Washington, DC–(ENEWSPF)–May 23, 2017
By: Alan Barber and Dean Baker
Overall job growth in blue collar jobs was modest in April, growing by 21,000 from its March level. Manufacturing added 6,000 jobs, construction 5,000 jobs, and mining 8,800, the vast majority of which were in support activities. Several states saw significant losses in the construction and manufacturing sectors in April, with some of the biggest losses occurring in rust belt states.
The largest job gains in manufacturing were in Texas (8,100 jobs), Michigan (7,900 jobs) and Wisconsin which added 5,100. The rustbelt state job losers were Ohio, which lost 5,800 manufacturing jobs (0.9 percent) Indiana with a loss of 3,200 jobs (0.6 percent), New York, which lost 3,100 jobs (0.7 percent) and Pennsylvania with a loss of 3,600 manufacturing jobs (0.6 percent).
In percentage terms the biggest losers were Alaska, which saw job loss of 4.1 percent (500 jobs) compared to March, followed by Montana at 1.4 percent (300 jobs) and Kentucky at 1.1 percent (2,900 jobs). The largest percentage gains were in Rhode Island where manufacturing employment was up 2.2 percent (900 jobs), Idaho with an increase of 1.8 percent (1,200 jobs), and Maine which saw its manufacturing employment increase by (1.4 percent (700 jobs).
We can now look back at three months of data since President Trump took office. While the impact of his administration on job growth is almost certainly minimal over this period, we can at least see some trace of its footprint.
Some of the rust belt states have seen modest job growth in manufacturing over this period. Wisconsin has added 4,900 jobs over this period, an increase of 1.0 percent. Illinois added 4,500 jobs, an increase of 0.8 percent. Michigan saw manufacturing employment increase by 4,300, a rise of 0.7 percent. Minnesota added 2,600 jobs over this period, an increase of 0.7 percent.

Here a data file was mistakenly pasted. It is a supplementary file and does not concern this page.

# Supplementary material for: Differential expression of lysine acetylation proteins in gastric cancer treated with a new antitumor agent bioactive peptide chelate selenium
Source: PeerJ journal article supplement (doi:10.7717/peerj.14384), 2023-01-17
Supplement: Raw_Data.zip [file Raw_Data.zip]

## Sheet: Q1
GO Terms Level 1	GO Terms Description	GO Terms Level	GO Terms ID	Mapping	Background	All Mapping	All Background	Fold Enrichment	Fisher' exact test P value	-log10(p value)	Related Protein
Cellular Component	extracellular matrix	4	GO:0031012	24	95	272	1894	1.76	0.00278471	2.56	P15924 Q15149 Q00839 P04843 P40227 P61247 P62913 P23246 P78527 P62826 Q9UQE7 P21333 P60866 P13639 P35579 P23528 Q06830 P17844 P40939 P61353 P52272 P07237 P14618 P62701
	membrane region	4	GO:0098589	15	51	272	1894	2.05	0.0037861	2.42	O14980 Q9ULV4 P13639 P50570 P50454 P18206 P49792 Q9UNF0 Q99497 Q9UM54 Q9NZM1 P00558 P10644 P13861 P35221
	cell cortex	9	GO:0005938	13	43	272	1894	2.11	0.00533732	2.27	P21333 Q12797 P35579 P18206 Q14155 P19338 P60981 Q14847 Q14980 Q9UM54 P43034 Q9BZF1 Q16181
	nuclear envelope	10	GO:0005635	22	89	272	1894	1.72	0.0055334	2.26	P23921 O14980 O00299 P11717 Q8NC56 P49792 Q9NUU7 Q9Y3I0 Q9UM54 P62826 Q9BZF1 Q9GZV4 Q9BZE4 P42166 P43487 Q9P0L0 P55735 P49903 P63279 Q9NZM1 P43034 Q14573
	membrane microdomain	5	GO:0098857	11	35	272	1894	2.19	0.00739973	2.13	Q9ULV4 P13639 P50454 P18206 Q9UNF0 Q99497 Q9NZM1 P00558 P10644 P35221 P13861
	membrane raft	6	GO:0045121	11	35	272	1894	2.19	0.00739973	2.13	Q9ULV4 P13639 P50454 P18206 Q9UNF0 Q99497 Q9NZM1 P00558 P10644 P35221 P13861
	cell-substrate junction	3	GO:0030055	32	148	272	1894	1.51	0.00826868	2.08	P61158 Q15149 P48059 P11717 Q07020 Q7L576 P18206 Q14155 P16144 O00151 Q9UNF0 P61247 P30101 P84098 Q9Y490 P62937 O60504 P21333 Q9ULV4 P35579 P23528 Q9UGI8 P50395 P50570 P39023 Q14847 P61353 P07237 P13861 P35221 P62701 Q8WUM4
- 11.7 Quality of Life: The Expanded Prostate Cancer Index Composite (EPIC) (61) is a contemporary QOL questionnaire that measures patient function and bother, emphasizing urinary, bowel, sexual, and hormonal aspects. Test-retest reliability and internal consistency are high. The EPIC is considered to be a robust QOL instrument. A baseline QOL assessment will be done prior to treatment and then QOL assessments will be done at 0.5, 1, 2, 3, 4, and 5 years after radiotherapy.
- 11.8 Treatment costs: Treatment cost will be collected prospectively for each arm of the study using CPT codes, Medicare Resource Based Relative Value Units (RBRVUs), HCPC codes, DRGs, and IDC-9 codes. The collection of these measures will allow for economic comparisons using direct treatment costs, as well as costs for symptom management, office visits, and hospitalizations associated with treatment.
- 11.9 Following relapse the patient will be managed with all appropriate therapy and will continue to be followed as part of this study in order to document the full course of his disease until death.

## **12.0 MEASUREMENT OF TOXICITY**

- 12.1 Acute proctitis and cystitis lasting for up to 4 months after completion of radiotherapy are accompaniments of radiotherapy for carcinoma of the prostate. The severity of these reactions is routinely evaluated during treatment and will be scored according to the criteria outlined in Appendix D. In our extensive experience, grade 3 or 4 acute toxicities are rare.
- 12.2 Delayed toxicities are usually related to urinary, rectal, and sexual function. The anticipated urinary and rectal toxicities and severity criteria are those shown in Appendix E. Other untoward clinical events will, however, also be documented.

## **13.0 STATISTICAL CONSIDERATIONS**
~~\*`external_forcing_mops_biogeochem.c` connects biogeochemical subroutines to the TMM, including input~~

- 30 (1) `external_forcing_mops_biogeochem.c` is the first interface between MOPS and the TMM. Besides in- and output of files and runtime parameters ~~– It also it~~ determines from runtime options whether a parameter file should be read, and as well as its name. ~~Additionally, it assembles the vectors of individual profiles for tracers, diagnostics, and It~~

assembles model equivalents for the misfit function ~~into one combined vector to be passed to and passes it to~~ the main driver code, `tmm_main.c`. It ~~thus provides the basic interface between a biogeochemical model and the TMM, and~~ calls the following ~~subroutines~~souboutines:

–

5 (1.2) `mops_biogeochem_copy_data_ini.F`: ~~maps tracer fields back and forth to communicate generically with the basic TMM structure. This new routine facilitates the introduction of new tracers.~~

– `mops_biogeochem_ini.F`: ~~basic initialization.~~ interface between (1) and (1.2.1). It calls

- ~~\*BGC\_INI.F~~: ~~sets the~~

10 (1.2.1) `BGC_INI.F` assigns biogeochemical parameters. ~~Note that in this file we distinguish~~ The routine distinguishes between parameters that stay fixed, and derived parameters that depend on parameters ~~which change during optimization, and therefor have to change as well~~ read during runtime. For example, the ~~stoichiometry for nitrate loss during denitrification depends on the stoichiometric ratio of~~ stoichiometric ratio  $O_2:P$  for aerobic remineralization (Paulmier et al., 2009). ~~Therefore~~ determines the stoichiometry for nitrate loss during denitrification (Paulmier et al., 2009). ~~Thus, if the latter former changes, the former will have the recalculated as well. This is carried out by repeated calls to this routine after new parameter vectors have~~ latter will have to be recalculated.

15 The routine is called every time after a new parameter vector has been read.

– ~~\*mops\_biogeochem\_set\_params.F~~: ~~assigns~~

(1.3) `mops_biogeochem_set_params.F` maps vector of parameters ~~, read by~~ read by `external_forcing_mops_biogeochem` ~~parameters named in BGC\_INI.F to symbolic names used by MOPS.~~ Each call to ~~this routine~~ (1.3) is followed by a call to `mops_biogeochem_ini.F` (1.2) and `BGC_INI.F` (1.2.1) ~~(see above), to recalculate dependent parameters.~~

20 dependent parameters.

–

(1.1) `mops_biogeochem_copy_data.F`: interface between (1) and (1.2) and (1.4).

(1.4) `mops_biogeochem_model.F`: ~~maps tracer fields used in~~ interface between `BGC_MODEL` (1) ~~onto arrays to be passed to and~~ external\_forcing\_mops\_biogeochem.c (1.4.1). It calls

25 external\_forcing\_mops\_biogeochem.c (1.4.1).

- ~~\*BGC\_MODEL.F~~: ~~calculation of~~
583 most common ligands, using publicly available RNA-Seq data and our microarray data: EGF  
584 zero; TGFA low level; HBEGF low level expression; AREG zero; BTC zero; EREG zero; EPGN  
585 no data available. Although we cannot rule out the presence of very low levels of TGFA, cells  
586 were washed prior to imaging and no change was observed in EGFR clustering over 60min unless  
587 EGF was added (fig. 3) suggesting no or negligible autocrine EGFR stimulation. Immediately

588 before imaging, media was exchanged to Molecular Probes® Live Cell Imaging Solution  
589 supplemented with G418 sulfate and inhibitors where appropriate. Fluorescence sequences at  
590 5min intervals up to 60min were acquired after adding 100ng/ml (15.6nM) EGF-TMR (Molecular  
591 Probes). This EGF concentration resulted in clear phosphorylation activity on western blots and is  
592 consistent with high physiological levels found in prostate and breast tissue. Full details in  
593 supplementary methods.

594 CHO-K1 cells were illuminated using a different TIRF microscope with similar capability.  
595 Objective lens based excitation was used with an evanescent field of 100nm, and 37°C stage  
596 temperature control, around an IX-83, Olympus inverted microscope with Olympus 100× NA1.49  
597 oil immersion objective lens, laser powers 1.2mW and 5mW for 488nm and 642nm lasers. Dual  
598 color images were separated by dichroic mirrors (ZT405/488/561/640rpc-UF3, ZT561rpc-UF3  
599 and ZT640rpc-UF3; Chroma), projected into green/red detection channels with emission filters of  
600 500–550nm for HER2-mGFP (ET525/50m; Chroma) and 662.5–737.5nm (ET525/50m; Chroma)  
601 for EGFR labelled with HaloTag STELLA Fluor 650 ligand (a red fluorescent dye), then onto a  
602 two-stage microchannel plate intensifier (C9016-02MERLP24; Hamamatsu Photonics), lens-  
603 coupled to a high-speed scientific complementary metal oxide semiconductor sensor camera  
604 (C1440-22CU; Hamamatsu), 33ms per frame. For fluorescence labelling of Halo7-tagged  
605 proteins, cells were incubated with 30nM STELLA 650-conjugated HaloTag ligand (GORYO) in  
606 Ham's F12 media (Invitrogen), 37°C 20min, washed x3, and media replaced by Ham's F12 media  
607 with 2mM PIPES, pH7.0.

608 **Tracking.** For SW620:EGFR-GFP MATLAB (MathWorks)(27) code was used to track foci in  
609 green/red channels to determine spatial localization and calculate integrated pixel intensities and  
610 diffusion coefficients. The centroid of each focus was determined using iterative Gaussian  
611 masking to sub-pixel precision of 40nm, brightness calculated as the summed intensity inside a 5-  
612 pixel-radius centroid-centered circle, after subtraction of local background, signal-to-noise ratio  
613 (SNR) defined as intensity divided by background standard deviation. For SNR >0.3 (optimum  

Indiana has seen no change in manufacturing employment over the first three months of the Trump administration. Iowa lost 800 jobs, a decline of 0.4 percent. Pennsylvania lost 3,800 jobs, 0.7 percent of total employment in the sector. Ohio lost the most jobs over this period, with a decline of 4,700 jobs, which was 0.7 percent of manufacturing employment.
While growth in the construction sector overall was tepid at best, some states did see substantial growth over the last month. Connecticut, New Hampshire and Nevada saw the largest percent increases at 4.7 percent, 3.7 percent, and 3.3 percent respectively.
Among rust belt states, only Wisconsin showed positive growth with a gain of 1,500 jobs. By contrast, Texas saw job loss of 1.4 percent (-10,300). It should be noted that March saw a substantial increase in construction jobs and the percent change average over the last 3 months is 0.1 percent. The other significant losses in the sector include declines of 3.4 percent (7,400 jobs) in Ohio and 2.1 percent or (4,500) in Illinois.
This is likely largely a seasonal adjustment story, with unusually good winter weather leading to better than normal job gains in the winter months. However, this means that the warmer spring weather leads to less than normal job growth in construction.
The mining and logging sectors grew overall, adding 10,000 jobs nationwide. Once again this was led by support activities for mining (6,700 jobs) and oil and gas extraction (1,000 jobs). The only rust belt states to see any change in employment were Michigan with a 2.7 percent increase, New York at 1.9 percent, and Pennsylvania at 0.4 percent.
Though the economy as a whole saw a healthy gain of 211,000 in April, the construction, manufacturing and mining and logging sectors made little contribution. These blue collar jobs, once the drivers of the rust belt economy, were a mixed bag at the state level with little aggregate growth in April.
Alan Barber is Director of Domestic Policy at the Center for Economic and Policy Research (CEPR) in Washington, D.C. Dean Baker is an Economist and Co-Director at CEPR.
The Center for Economic and Policy Research (CEPR) is an independent, nonpartisan think tank that was established to promote democratic debate on the most important economic and social issues that affect people’s lives. CEPR was co-founded by economists Dean Baker and Mark Weisbrot in 1999. CEPR’s Advisory Board includes Nobel Laureate economists Robert Solow and Joseph Stiglitz; Janet Gornick, Professor at the CUNY Graduate Center and Director of the Luxembourg Income Study; and Richard Freeman, Professor of Economics at Harvard University.